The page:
By Emma Young
We make all kinds of snap decisions about a person based on their facial appearance. How trustworthy we think they are is one of the most important, as it can have many social and financial consequences, from influencing our decisions about whether to lend someone money to which Airbnb property to book.
However, as the authors of a new study, published in the British Journal of Psychology, note, “Although facial impressions of trustworthiness are formed automatically, they are not especially accurate predictors of trustworthy behaviour.” People who are less susceptible to forming these impressions could, then, be at an advantage. And, as Jasmine Hooper at the University of Western of Australia and colleagues now report, men with high levels of autistic traits fall into this category.
Earlier work (involving two authors of the new study) already hinted that autism might have a bearing on whether people act on first impressions in a typical way. The researchers found that when they prompted boys diagnosed with autism to judge trustworthiness from photographs, they formed the same kinds of impressions as non-autistic boys, but unlike them, they did not use these judgments in their decision-making in an economic trust game.
To explore whether higher levels of autistic-like traits, such as increased attention to detail, might also affect the use of first impressions even among the general population, the researchers recruited 46 men without autism, who completed the Autism-Spectrum Quotient (a symptom-based scale which is typically used by clinicians to diagnose autism) and a facial trustworthiness impressions task. The researchers found that, as they predicted, when prompted to make trustworthiness judgements from faces, people with high or low levels of autistic traits made similar judgements. But the next phase of the study showed some important differences between the two groups.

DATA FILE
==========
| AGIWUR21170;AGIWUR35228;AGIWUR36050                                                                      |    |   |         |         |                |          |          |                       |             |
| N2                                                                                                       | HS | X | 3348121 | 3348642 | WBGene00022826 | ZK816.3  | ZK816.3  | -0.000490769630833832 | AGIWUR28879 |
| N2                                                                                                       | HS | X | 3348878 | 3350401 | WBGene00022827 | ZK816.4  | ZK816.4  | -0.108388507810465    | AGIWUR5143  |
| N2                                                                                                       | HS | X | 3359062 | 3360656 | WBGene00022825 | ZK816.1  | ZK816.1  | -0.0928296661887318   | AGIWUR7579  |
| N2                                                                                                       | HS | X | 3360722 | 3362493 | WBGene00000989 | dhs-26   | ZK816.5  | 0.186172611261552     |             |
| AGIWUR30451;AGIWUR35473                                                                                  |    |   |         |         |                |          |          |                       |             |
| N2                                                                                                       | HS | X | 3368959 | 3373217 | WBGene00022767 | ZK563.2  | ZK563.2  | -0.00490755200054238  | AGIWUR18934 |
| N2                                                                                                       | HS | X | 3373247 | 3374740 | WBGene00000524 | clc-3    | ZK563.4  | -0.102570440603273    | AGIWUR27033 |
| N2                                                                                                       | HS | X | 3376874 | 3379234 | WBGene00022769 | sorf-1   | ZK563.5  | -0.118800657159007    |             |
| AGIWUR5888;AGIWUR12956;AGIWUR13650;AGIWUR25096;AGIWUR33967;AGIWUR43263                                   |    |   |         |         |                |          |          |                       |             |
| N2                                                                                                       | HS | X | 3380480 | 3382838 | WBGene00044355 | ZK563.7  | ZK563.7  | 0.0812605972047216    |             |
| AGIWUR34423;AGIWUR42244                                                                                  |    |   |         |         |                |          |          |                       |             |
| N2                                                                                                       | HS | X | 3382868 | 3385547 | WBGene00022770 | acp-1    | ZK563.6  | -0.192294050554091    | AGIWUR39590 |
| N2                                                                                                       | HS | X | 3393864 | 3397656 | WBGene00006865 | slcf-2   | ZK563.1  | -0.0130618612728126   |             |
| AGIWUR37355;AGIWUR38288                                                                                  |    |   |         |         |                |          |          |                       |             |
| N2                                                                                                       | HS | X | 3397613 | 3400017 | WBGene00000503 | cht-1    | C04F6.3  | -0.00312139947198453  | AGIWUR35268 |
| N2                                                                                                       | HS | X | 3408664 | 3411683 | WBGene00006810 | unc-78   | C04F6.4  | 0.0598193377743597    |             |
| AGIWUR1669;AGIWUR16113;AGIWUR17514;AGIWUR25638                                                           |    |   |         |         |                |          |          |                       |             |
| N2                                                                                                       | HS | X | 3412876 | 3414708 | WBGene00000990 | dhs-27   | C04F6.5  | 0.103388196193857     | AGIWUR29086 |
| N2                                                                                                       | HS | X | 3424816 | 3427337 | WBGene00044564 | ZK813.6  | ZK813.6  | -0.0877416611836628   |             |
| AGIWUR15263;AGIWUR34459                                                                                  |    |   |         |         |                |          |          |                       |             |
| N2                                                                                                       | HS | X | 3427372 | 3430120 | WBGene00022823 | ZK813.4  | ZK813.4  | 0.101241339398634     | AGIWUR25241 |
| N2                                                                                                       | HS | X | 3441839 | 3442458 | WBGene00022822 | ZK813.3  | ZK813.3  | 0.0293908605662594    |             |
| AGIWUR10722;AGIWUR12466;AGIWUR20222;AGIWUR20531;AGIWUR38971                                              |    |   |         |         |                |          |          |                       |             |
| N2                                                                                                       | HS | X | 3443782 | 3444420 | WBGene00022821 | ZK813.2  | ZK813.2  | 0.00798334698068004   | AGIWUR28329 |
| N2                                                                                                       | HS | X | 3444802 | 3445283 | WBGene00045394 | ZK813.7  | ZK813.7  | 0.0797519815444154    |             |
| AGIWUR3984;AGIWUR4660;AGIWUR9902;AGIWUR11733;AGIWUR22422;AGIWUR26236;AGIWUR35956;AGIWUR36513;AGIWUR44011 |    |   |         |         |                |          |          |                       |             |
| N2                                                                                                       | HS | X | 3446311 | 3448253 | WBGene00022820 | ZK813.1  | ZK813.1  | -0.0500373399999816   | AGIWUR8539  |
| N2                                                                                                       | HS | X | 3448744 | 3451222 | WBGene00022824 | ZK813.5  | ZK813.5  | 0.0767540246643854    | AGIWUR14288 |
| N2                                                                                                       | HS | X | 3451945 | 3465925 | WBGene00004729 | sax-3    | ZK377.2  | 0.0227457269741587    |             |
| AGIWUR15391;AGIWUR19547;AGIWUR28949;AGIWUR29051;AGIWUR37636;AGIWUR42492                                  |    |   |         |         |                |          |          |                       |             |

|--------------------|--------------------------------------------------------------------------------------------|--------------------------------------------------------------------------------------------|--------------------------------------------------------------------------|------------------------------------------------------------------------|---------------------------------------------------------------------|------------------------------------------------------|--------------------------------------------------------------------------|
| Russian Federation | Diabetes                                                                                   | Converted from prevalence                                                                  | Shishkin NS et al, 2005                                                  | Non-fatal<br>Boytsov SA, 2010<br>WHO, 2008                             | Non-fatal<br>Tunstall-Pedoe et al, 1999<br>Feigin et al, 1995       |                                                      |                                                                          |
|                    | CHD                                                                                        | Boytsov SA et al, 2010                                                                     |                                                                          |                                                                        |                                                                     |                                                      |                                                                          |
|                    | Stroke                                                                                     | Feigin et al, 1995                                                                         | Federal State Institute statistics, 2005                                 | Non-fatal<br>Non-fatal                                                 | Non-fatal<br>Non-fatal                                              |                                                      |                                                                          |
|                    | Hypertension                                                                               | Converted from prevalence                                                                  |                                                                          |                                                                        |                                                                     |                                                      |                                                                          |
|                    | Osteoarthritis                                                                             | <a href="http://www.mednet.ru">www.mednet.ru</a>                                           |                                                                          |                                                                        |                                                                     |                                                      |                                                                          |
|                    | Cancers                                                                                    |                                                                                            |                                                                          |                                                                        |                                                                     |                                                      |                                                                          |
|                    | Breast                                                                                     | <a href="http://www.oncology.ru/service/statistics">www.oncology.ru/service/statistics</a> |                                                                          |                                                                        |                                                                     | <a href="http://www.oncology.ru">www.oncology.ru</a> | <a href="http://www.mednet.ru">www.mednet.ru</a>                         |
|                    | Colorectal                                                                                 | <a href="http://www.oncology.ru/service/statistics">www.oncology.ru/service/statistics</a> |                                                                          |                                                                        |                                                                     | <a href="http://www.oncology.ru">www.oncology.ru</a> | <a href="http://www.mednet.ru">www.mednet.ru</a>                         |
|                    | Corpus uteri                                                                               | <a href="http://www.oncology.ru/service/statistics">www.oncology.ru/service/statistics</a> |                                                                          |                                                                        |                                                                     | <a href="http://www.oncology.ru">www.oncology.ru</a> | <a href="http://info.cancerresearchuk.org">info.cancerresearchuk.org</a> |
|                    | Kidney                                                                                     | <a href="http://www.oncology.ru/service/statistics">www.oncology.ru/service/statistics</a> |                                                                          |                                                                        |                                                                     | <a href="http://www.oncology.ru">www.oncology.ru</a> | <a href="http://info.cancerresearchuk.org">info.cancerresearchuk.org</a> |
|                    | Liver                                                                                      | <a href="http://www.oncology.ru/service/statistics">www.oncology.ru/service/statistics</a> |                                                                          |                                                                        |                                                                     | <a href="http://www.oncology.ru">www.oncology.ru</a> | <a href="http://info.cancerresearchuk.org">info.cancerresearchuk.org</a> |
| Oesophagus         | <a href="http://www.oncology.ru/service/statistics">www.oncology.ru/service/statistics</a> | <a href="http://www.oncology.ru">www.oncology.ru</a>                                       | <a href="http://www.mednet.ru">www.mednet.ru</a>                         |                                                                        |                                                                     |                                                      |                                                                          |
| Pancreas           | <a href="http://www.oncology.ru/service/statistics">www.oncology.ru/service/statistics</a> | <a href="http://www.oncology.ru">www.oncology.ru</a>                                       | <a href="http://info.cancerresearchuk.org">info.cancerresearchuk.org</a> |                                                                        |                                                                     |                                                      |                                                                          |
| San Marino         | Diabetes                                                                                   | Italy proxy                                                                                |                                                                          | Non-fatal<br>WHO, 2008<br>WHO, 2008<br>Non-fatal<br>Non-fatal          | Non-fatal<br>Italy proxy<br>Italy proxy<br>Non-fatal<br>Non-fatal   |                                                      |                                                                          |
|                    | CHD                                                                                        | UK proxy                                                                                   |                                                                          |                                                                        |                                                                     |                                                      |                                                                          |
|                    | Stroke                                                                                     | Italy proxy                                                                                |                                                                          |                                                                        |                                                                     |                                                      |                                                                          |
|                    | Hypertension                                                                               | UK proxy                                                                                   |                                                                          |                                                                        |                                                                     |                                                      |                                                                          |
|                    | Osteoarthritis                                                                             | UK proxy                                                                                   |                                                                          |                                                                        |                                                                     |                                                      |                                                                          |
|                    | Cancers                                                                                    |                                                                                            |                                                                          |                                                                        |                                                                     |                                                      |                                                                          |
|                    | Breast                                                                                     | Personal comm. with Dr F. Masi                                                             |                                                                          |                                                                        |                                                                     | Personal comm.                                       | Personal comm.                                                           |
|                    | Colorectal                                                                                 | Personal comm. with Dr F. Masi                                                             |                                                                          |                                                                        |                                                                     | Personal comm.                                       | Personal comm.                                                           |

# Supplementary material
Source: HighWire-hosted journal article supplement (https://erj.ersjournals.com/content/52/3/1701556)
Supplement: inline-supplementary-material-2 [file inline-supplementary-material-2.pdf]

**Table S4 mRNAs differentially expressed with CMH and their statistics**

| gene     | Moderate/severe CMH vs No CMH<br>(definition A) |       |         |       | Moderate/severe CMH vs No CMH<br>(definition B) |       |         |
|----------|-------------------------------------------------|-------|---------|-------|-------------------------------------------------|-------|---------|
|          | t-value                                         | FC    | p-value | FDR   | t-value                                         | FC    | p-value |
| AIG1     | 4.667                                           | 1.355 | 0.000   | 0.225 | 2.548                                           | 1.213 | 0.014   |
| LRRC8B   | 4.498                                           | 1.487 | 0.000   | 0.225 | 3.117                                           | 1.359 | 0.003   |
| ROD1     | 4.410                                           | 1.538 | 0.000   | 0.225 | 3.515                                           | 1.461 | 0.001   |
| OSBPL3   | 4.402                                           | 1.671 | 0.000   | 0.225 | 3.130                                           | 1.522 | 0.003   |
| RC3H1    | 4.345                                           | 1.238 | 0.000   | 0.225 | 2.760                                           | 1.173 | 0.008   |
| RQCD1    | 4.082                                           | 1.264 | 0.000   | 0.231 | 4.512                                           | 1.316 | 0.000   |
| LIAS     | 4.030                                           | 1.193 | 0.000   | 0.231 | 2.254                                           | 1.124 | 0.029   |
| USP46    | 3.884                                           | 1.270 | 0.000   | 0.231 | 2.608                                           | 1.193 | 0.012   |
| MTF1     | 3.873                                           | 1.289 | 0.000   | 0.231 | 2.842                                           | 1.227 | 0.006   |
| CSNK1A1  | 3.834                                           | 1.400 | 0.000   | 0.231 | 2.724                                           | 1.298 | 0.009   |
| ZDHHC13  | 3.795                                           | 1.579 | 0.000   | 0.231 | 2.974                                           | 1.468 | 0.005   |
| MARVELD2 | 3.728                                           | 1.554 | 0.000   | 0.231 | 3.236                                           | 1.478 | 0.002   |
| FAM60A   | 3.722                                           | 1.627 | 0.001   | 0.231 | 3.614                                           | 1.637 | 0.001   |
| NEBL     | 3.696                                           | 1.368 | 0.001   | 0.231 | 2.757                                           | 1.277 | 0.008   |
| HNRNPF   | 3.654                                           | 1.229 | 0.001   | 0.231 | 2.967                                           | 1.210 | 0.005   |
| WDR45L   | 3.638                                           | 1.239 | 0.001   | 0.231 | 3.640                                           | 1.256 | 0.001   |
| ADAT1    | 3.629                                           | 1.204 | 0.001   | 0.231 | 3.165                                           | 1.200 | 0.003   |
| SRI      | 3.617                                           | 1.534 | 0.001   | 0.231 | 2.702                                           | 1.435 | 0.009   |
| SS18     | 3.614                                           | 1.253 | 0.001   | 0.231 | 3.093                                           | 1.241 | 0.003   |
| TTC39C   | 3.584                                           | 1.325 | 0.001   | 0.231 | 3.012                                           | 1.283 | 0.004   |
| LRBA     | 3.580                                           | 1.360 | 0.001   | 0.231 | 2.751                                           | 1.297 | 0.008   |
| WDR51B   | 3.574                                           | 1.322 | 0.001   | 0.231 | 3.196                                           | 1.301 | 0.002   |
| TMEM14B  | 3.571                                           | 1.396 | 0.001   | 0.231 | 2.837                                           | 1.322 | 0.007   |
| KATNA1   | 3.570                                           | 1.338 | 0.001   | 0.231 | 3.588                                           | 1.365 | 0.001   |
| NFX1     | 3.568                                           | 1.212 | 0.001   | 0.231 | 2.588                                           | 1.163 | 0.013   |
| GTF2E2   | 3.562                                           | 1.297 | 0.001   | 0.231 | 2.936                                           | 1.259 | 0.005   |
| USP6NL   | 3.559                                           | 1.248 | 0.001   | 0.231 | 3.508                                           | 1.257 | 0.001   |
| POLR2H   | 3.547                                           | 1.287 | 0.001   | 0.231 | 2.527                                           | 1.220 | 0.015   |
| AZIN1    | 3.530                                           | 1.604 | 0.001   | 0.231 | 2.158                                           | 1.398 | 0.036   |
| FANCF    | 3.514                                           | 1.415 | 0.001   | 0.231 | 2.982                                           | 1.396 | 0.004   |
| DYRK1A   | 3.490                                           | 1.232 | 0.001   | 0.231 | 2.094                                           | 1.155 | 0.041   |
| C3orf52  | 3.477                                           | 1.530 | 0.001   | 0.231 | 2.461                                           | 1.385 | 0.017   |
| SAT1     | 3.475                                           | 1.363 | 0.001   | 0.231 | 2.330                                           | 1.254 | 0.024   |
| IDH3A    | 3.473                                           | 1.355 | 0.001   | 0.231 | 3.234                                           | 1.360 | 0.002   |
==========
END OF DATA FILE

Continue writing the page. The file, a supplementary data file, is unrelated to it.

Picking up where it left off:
All the participants also took part in an adult version of the economic trust game used in the earlier research with boys, in which they interacted with virtual “partners”, who had been independently rated as looking either trustworthy or untrustworthy. Over a series of trials, these partners were consistently fair or selfish, and crucially this behaviour pattern was not related to their facial appearance. Therefore the best strategy for predicting future behaviour – and making money, because participants could keep their winnings – was for the participants to ignore appearances and focus solely on their partner’s behaviour in previous money allocation trials.
Again as the researchers predicted, the men with relatively low levels of autistic traits were influenced by how trustworthy or not the partners looked. The men who scored relatively high on the AQ scale were influenced too, but to a significantly lesser extent – they were more influenced by their partners’ actual behaviour.
Only between 1 and 1.5 per cent of people in the UK are thought to meet the criteria for a diagnosis of autism spectrum disorder. However, many other people do not meet the diagnostic criteria for autism but do have relatively high levels of autistic traits – there may therefore be a sizeable subset of people who are able to form trustworthiness judgements based on people’s faces when prompted, but who don’t do this automatically, and also aren’t so inclined to use these judgments in their social decisions (and so are less swayed by potentially misleading facial impressions than the rest of the population).
As the researchers note, “If facial impressions are not especially accurate predictions of actual trustworthiness, failure to use them to guide trust decisions may actually represent highly rational social behaviour.”